Innovative Shins Turn Quadrupedal Robot Biped
The word quadruped means, technically, “four feet.” Roboticists tend to apply the term to anything that uses four limbs to walk, differentiating it from bipedal robots, which walk on two limbs instead. But there’s a huge, blurry crossover there, in both robotics and biology, where you find animals (and occasionally robots) that can transition from quadruped to biped when they need to (for example) manipulate something.
If you look at quadrupedal robots simply as robots with four limbs rather than robots with four feet, they start to seem much more versatile, but that transition can be a tricky one. At the 2022 IEEE/RSJ International Conference on Intelligent Robots and Systems (IROS 2022) in Kyoto, Japan, last week, researchers from Worcester Polytechnic Institute (WPI), in Massachusetts, and ShanghaiTech University presented a generalizable method whereby an off-the-shelf quadruped robot can turn into a biped with some clever software and a tiny bit of mechanical modification.
We’ve seen robots that can transition from quadruped to biped before, but they’re almost always designed very deliberately to be able to do this, and they pay a penalty in weight, complexity, and cost. What’s unique about this research is that it’s intended to be applied to any quadruped at all—with some very minor hardware, your quadruped can become a biped, too.
The mechanical side of this bipedalization is a 3D-printed stick that gets installed onto the shin of each of the quadruped’s hind legs. This provides additional support so that the robot can stand and walk robustly—without the shin attachments, the robot wouldn’t be statically stable. This is especially useful as the robot stands up, since its center of mass is fully supported during that process. The video shows this working on what looks like a Mini Cheetah robot, but again, the platform really doesn’t matter as long as it meets some basic requirements.
“We [seek] to reap the benefits from two worlds: stability and speed from quadrupeds, manipulability and a gain in operational height from bipeds.”
—Andre Rosendo, Worcester Polytechnic Institute
Once the robot is upright, walking comes from a policy that’s trained first in simulation and then transferred onto the real robot. This isn’t trivial, because the controller is trying to get the robot to both walk and not fall over, which is a bit of a contradiction, but the best performing policy was able to get the robot to walk for several meters. It’s important to remember that this is a robot that was not designed to walk bipedally at all, so in some sense you’ve got software struggling to get hardware to work in a way that it isn’t supposed to and certainly isn’t optimized for. Perhaps if this kind of thing catches on, quadruped designers might be given incentives to build a little extra flexibility into their platforms to make them more adaptable.
For more on this research, IEEE Spectrum spoke with Andre Rosendo, who is now a professor at WPI.
Fundamentally is there a difference between a four-legged robot and a four-limbed robot?
Andre Rosendo: As seen in nature, quadruped locomotion enables higher speeds, and the robot is noticeably faster when moving with four legs. That said, the benefits related to manipulability seen in this animal transition from four to two legs (for example, Australopithecus using their hands to bring food to their mouths) are also true to robots. We are currently developing a “variant end effector” for the forelimbs to allow this quadruped robot to become a “two-arm manipulator” when standing, handling objects and operating environments.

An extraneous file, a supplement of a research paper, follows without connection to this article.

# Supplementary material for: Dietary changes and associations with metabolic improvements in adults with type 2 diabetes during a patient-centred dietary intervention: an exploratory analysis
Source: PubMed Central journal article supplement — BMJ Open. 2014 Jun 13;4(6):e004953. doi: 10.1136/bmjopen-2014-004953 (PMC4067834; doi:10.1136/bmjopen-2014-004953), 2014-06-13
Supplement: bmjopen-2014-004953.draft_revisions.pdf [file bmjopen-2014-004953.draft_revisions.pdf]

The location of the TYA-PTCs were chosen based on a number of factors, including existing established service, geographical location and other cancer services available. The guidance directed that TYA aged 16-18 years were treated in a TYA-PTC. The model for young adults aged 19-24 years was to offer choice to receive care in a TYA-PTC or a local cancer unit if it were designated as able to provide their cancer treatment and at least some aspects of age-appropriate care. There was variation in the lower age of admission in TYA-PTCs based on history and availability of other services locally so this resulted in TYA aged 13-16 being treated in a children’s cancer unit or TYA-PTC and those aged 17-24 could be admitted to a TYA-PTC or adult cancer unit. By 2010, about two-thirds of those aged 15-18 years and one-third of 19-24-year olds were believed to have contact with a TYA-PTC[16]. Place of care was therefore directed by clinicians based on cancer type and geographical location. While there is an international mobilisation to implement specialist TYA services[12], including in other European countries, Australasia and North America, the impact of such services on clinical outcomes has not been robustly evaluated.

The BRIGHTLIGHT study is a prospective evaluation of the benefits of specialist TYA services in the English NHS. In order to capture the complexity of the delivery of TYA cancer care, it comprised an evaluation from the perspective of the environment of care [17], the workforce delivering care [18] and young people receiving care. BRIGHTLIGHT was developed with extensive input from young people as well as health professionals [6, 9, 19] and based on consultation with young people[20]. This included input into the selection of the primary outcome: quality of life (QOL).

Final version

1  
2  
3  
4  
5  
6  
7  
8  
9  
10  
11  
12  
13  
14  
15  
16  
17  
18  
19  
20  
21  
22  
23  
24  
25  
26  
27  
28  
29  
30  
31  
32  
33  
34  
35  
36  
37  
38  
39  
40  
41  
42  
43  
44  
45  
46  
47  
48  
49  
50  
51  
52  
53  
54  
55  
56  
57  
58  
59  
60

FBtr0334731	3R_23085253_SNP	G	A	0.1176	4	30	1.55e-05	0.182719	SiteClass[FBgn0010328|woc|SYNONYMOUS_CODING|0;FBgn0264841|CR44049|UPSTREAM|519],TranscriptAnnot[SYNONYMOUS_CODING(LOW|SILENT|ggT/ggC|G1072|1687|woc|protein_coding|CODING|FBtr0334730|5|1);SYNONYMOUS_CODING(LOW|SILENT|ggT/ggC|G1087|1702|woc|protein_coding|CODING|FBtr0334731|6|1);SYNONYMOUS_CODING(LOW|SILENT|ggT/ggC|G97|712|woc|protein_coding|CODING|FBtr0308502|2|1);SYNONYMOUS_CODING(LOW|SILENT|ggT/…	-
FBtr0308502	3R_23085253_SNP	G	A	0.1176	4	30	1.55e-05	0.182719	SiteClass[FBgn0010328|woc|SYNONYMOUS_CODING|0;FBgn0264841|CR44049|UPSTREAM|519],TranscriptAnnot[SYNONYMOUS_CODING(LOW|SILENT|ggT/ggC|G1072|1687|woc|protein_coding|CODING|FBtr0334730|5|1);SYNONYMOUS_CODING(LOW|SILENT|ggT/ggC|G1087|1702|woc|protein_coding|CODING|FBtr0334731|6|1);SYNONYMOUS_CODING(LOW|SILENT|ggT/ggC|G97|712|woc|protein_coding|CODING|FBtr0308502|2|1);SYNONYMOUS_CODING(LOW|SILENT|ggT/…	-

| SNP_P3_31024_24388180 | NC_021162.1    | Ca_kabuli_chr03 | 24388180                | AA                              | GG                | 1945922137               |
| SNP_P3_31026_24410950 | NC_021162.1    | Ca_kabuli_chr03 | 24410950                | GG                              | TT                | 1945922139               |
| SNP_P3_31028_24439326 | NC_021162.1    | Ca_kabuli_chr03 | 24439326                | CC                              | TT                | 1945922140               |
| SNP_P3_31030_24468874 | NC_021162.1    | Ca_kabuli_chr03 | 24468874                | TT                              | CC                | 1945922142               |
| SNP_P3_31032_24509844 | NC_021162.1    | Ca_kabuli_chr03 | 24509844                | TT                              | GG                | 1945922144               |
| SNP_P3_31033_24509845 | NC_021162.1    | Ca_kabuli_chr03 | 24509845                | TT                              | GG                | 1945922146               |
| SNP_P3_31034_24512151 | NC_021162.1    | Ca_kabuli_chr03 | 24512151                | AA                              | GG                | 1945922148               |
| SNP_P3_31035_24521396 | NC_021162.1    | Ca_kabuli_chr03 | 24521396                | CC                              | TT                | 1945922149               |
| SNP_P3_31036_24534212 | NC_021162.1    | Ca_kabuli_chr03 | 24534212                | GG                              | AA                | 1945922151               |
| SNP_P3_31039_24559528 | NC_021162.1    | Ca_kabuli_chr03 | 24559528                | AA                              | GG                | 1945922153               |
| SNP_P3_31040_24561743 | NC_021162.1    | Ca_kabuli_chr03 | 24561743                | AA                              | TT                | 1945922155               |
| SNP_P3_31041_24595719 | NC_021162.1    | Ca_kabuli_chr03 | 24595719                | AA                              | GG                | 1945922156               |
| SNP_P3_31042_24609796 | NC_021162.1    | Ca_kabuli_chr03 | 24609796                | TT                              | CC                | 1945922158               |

Why did you decide on this particular system to enable the bipedal transition?
Rosendo: We noticed that it is quite easy to adapt the hind legs of a quadruped robot with a fixed structure, with very little drop in performance. Although not as aesthetically pleasing as an active structure, advances in materials nowadays allow us to use a small carbon-fiber link protruding from the leg to mimic the same passive stability that our feet give us (known in legged locomotion as the polygon of stability). An active retractable system, on the other hand, would add a tiny motor to the leg, increasing the moment of inertia of that leg during locomotion, affecting performance negatively.
What are the limitations to the walking performance of this system?
Rosendo: We trained the robot in a simulated environment, and the walking gait, after being transferred to the real world, is stable, albeit slow. Bipedal robots usually have more degrees of freedom in their legs to allow a more dynamic and adaptive locomotion, but in our case, we are focusing on the multimodal aspect to reap the benefits from two worlds: stability and speed from quadrupeds, manipulability and a gain in operational height from bipeds.
What are you working on next?
Rosendo: Our next steps…will be on the development of the manipulability of this robot. More specifically, we have been asking ourselves the question: “Now that we can stand up, what can we do that other robots cannot?”, and we already have some preliminary results on climbing to places that are higher than the center of gravity of the robot itself. After mechanical changes on the forelimbs, we will better evaluate complex handling that might require both hands at the same time, which is rare in current mobile robots.
Multi-Modal Legged Locomotion Framework with Automated Residual Reinforcement Learning, by Chen Yu and Andre Rosendo from ShanghaiTech University, was presented this week at IROS 2022 in Kyoto, Japan. More details are available on Github.